Some of the temporary measures put in place by the National Disability Insurance Scheme (NDIS) to help ease the burden of COVID-19 are set to end by 1 July.
Minister for the NDIS, Stuart Robert, announced today the first stages of a post-coronavirus NDIS. The announcement follows a review of current temporary measures to support participants and disability providers during the pandemic.
The temporary measures were put in place in March and were designed to help ease the impact of COVID-19 on people with disability and NDIS providers.
Minister Robert says that NDIS providers have risen to the challenge and continued to provide support to participants in a safe and appropriate manner during the pandemic.
“Since the announcement of these initiatives on 21 March, almost $600 million in one-month advance payments was paid to almost 5,000 providers to offer immediate cash flow relief and keep participant services going.
“At the height of the pandemic, close to $300 million was claimed in average weekly provider payments, indicating the majority of services have been continuing with participants accessing the disability supports they need.
“With NDIS provider claiming patterns showing most supports have returned to pre-coronavirus levels, we are moving to the next phase of the response.”
As community restrictions have eased across the country and Australia moves to a COVID-safe environment, the NDIS will move to a post-pandemic phase from 1 July.
From 1 July 2020, the following will apply as measures are suspended:
The temporary 10 percent price loading on certain core and capacity building supports will be removed.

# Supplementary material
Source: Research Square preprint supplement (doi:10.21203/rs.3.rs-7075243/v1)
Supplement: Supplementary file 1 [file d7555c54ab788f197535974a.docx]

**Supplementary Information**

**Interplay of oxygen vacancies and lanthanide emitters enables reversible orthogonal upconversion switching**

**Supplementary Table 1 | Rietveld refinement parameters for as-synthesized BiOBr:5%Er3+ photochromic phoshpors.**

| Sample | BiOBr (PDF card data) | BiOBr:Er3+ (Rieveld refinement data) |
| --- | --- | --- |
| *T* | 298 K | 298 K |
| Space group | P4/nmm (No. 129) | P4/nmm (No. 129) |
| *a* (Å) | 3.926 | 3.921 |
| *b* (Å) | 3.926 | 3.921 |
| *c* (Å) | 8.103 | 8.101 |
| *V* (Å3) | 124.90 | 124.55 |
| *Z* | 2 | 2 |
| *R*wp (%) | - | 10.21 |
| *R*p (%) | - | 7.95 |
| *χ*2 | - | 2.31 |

The definition of the cancellation period will be reduced from 10 days back to levels under the previous policy.
The Medium Term Accommodation (MTA) period will be returned to the original policy of 90 days, which is rolled back from 180 days.
Recovery of the advance payment to providers will also commence on 1 October 2020, via six equal monthly instalments.
Participant focused measures, including alternatives to face-to-face meetings, plan extensions of up to 24 months and flexible use of funds to purchase low cost assistive technology, will remain in place until additional reviews are completed.
“We have worked to give participants and providers early notice on when things will gradually return [to normal], in light of our coronavirus response and recovery stages, and of course, we will continue to consult with participants and providers to ensure they have the support they need,” says Minister Robert.
The Federal Government will continue to monitor conditions in the disability sector and have said they will continue to make adjustments as required.
Further detail on the coronavirus response and recovery stages will be sent to providers and will also be available on the NDIS website.
For the latest updates on how COVID-19 is impacting the disability sector visit our dedicated COVID-19 information page.
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